The Certified Forensic Physician is an advanced credential that recognizes additional training and expertise for forensic physicians. ACFEI has elevated standards through education, basic and advanced training. The CFP designation provides a mechanism for measuring scientific standards and procedures required to perform thorough forensic medical investigation and proper consultation.

The ACFEI is the world's largest forensic science association, and it covers a broad range of forensic specialties.

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Cases

Ask Orthopedic MedLegal Opinion Orthopedic Case review service - ask a question or submit your medical case for review by a medical expert.

Here are just some of the cases for which Dr. Graboff has provided Orthopedic Expert opinion and testimony. These are representative Personal Injury and Medical Malpractice cases for which Dr. Graboff was retained and qualified as the Orthopedic Expert Witness.

"Failure to Diagnose and Treat Acute Ruptured Achilles Tendon"

A 32 year old man while at work jumped off of the back of his work truck and thought that he sprained his right ankle. He felt a pop and had immediate pain and difficulty walking. His employer sent him to their designated industrial medical urgent care clinic where he was seen only by the physician assistant. After an examination and x-ray he was diagnosed as having an ankle sprain, placed into an “air-cast” and told to take Motrin for pain, weight bear as tolerated, and return for recheck in 3 weeks.

He was reevaluated 3 weeks later by the physician assistant who found that the sprain had improved and released him to work without limits. No clinical tests or exam was ever performed of the Achilles tendon. He tried to work but because of severe limp and posterior heel pain could not, and went to see an orthopedic surgeon 2 weeks later. The orthopedic surgeon on exam found a ruptured Achilles tendon, confirmed on MRI scan, and told the patient that he needed surgery to repair the torn tendon, but that because so much time had elapsed since the day of injury primary repair could not be done, and a tendon reconstruction surgery would be required, with a less than optimal result.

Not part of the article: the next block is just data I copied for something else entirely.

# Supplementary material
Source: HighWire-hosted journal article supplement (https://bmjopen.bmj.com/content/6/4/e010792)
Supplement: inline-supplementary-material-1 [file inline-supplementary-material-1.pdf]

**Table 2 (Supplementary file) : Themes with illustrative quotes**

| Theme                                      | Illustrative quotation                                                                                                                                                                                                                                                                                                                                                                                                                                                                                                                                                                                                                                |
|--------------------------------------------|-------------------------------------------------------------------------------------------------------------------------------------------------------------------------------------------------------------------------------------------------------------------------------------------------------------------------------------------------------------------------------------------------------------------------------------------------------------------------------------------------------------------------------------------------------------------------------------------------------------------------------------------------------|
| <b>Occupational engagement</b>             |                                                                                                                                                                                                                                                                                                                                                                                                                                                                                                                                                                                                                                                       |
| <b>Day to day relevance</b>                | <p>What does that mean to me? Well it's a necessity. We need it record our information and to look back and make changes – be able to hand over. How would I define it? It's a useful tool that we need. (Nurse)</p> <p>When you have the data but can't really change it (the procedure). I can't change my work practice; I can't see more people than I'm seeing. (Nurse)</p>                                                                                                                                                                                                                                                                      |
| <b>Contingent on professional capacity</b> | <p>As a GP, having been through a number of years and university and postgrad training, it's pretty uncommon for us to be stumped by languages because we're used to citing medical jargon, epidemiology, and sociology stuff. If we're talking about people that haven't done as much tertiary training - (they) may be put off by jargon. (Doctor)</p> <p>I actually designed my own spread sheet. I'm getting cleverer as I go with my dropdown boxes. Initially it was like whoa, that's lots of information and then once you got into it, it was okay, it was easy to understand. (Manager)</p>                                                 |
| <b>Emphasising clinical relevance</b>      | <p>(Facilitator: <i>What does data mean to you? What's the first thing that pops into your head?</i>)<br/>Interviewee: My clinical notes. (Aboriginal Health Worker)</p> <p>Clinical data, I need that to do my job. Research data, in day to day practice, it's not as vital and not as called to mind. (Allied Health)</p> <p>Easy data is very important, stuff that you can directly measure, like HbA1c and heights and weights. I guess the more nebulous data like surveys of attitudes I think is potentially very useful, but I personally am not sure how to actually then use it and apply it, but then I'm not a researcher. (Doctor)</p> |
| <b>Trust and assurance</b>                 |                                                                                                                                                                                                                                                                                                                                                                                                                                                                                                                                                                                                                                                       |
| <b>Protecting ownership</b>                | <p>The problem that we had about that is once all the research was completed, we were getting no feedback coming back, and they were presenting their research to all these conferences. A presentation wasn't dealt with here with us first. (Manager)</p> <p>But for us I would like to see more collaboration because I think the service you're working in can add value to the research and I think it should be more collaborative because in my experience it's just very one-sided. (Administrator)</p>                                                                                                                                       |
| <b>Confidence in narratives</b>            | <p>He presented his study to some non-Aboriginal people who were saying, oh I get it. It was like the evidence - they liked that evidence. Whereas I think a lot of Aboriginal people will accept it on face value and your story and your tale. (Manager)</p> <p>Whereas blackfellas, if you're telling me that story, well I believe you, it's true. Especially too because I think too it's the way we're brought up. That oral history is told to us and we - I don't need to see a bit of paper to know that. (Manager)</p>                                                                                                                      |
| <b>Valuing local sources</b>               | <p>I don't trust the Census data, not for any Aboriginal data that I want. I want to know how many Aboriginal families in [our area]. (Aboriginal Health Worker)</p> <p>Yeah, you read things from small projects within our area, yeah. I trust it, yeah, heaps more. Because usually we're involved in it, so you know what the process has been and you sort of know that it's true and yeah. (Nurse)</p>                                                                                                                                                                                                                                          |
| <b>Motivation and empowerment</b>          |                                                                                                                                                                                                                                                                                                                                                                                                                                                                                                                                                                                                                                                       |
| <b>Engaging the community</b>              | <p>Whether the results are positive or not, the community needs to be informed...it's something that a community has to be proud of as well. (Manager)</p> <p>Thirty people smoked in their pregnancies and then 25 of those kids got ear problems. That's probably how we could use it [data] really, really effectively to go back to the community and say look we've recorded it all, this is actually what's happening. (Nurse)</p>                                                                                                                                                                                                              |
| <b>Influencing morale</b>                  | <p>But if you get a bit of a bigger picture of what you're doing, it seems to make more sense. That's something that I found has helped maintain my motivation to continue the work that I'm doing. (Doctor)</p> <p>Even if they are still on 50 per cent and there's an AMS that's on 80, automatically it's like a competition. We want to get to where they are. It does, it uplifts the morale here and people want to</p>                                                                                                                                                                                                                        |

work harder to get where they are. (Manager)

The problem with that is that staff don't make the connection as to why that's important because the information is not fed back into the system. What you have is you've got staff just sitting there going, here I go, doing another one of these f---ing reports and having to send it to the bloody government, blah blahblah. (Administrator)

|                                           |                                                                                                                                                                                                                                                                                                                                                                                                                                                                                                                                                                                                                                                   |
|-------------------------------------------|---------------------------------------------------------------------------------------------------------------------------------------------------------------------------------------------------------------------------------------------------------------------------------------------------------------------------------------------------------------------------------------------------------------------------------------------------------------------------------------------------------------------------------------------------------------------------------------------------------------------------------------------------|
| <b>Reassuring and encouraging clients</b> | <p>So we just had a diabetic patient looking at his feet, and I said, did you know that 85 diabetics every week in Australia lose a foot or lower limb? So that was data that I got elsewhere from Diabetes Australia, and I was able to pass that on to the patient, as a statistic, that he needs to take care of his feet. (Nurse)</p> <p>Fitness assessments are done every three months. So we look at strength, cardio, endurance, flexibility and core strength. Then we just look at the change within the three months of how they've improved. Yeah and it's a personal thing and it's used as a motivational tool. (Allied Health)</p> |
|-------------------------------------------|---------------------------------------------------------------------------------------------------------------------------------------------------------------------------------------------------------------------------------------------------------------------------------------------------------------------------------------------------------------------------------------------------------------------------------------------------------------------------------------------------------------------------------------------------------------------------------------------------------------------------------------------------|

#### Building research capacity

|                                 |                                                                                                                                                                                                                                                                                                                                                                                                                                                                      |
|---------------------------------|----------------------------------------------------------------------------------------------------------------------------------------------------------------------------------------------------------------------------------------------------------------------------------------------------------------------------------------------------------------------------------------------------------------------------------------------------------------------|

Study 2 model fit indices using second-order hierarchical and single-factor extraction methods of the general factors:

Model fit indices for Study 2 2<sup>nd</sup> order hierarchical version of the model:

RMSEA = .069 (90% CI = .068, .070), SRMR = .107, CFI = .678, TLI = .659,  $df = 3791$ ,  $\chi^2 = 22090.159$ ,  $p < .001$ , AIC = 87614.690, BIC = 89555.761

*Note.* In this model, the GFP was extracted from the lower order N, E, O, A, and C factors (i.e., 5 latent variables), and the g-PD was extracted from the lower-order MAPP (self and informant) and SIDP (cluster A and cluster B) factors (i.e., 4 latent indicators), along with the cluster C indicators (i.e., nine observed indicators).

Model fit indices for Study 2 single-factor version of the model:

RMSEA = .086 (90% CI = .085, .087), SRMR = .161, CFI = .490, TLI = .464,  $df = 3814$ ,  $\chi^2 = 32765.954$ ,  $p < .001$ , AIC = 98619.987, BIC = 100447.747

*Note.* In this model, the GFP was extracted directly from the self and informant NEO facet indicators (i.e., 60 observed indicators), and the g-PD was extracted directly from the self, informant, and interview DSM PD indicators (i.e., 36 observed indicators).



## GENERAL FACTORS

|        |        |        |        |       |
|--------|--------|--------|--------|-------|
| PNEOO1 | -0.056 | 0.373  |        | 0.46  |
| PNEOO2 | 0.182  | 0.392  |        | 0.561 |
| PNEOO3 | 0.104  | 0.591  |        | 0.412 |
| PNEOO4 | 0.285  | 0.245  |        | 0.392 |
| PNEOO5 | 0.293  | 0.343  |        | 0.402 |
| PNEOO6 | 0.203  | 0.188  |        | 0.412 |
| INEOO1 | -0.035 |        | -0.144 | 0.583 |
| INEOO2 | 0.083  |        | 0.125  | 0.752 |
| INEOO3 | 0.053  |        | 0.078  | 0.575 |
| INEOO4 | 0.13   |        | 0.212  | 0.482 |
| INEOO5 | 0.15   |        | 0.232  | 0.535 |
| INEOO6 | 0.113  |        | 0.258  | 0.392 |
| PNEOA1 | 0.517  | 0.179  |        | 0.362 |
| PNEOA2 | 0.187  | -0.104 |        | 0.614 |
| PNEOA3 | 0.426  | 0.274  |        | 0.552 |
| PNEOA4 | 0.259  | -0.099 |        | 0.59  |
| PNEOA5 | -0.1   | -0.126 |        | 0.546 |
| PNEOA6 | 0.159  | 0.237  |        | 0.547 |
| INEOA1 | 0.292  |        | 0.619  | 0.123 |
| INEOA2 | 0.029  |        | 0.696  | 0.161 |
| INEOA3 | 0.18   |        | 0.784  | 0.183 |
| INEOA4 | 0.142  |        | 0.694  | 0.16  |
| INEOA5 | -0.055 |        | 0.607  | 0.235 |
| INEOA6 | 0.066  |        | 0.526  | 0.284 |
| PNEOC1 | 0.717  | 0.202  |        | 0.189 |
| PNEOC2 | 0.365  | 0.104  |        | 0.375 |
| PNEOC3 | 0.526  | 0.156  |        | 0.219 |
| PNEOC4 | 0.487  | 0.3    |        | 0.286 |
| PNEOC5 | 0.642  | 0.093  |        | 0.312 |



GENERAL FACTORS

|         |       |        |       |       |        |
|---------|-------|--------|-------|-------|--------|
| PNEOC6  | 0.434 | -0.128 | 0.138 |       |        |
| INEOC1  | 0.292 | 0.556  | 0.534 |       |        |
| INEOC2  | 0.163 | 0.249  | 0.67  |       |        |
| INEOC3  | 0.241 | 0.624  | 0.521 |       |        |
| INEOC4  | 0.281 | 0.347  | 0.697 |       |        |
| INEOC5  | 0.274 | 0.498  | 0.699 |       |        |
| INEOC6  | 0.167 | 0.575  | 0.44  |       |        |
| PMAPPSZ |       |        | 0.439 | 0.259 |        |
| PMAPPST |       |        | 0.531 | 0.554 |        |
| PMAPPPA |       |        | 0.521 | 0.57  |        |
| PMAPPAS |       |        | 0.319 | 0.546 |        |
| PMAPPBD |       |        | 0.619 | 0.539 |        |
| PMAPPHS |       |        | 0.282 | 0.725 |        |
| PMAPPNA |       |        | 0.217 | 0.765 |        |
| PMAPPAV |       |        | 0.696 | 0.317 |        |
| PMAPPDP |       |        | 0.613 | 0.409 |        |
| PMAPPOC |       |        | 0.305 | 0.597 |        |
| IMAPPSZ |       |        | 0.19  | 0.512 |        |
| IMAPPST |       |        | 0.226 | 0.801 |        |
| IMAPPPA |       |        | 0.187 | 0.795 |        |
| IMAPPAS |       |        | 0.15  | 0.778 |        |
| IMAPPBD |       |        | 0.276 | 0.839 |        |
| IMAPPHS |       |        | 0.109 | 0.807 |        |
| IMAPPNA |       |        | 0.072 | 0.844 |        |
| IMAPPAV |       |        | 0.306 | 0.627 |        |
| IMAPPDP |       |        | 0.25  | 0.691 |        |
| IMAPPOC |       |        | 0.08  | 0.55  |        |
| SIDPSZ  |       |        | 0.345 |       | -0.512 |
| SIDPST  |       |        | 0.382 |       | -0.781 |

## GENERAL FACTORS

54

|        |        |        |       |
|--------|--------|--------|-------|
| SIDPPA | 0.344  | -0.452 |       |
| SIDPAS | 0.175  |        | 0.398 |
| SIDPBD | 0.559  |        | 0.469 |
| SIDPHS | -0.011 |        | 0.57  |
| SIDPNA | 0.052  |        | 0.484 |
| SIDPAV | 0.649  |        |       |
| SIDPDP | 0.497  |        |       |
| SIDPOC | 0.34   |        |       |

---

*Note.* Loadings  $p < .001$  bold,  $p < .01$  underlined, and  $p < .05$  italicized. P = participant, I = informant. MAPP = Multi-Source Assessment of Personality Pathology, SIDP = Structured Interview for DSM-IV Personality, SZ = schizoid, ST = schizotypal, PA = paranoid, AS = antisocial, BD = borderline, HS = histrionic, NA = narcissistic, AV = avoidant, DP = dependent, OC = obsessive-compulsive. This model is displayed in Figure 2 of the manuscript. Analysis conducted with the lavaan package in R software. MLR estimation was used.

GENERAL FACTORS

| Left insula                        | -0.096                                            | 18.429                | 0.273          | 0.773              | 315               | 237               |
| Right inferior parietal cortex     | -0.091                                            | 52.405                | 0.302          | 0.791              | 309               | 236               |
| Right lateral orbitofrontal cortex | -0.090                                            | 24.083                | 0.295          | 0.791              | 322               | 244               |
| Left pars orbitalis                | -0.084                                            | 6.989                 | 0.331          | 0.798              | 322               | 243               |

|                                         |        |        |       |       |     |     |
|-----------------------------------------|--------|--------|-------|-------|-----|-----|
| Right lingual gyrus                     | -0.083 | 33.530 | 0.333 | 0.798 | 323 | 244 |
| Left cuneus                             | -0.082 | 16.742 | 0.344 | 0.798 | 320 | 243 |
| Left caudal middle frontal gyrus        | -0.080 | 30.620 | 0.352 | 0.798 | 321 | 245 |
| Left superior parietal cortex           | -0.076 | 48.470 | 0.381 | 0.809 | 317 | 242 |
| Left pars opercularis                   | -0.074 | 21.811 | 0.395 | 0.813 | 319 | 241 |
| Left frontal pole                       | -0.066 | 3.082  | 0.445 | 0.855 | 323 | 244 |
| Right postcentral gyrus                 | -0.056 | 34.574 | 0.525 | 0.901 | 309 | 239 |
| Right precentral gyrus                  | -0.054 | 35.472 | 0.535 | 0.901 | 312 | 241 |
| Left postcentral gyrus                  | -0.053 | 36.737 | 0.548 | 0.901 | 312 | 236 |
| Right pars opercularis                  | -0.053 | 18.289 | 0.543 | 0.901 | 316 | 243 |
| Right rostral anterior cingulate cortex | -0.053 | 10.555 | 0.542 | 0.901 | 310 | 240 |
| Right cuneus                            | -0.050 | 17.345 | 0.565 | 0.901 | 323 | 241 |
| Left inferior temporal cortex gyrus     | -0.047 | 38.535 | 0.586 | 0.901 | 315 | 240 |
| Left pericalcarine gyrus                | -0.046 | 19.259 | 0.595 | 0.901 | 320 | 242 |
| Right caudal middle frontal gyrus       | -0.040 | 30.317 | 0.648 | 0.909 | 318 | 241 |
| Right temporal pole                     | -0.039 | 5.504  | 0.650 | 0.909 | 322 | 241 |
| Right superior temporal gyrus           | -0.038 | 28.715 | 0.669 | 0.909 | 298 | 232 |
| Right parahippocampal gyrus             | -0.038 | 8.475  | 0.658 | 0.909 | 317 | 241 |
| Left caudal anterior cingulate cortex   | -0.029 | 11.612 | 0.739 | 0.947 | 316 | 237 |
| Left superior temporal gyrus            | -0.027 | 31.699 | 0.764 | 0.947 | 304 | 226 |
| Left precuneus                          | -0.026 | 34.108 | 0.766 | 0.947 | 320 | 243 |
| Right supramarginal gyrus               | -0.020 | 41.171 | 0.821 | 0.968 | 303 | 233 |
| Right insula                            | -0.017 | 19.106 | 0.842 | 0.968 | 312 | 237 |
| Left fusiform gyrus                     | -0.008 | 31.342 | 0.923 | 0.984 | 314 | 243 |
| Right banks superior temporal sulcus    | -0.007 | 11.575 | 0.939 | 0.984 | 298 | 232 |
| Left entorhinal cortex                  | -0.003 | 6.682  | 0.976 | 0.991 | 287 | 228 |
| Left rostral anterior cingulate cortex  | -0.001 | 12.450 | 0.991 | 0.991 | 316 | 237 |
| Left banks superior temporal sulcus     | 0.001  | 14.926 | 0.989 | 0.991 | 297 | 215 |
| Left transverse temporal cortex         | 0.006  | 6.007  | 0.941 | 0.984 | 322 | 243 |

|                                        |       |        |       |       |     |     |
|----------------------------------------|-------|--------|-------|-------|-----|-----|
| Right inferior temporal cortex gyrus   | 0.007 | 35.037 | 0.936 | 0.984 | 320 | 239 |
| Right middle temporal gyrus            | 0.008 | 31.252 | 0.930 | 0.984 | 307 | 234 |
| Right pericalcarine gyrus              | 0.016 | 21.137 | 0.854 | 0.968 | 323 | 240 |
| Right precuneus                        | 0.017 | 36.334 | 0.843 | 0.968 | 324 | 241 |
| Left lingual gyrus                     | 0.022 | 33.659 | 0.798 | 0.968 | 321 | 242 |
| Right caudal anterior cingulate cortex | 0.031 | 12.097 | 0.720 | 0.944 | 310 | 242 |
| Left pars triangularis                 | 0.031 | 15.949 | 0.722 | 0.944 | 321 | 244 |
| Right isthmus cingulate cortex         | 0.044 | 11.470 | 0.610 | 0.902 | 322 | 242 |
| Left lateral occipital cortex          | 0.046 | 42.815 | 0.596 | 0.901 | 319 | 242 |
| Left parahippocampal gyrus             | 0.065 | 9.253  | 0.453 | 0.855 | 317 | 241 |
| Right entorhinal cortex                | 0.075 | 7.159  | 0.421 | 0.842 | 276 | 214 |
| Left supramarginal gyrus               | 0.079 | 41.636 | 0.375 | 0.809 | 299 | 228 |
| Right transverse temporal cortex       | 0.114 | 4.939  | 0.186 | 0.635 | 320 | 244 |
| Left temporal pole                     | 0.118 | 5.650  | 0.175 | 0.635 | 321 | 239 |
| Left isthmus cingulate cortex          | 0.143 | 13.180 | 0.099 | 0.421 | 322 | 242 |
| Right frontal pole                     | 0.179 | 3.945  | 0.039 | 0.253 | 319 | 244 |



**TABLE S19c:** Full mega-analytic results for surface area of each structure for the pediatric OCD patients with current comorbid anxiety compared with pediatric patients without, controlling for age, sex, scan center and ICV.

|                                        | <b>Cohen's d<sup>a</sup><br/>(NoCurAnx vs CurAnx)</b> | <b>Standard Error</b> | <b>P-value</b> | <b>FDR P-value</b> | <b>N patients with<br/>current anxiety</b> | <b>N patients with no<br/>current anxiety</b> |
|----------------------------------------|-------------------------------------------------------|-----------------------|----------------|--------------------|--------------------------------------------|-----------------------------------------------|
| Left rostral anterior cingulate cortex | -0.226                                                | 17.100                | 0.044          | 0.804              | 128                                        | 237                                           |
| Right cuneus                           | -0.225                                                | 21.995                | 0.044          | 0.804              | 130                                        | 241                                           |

The issues in this case include: failure to be seen and examined by a medical doctor; evaluation and treatment only by a physician assistant; failure to diagnosis an acute ruptured Achilles tendon; failure to timely treat an acute rupture Achilles tendon; and delay in appropriate surgical treatment leading to inability to repair the tendon.

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"Failed Total Hip Arthroplasty with Instability from Malpositioned Acetabular Component"

A 62 year old otherwise healthy women with right hip pain was evaluated by her orthopedic surgeon, found to have severe osteoarthritis, and was scheduled for a right total hip replacement. She was admitted to the hospital, had an uneventful surgery, and was discharged home 4 days later to be seen and treated by home health nurse and physical therapist. She started to have hip popping and pain almost immediately upon beginning weight bearing and was told by her surgeon that this “was normal” and would eventually stop as she got stronger. Post hip replacement x-rays were obtained by her surgeon and she was told that everything “looked fine.”

She continued to have increasing hip popping and pain months after the surgery and her surgeon continue to tell her that everything looked good, but eventually the hip completely dislocated, requiring an emergency room visit and closed reduction of the dislocated prosthetic joint, after which she was put into a large hip brace by her surgeon, and told by him to be “more careful” and not dislocate the artificial joint again.

When she went for a second opinion to another orthopedic surgeon, as soon as he took an x-ray of her hip, he told her that the acetabular component was too vertical which caused the hip popping, pain, instability, and eventual dislocation, and advised her that she needed a revision surgery of the hip to place the acetabulum into the proper position.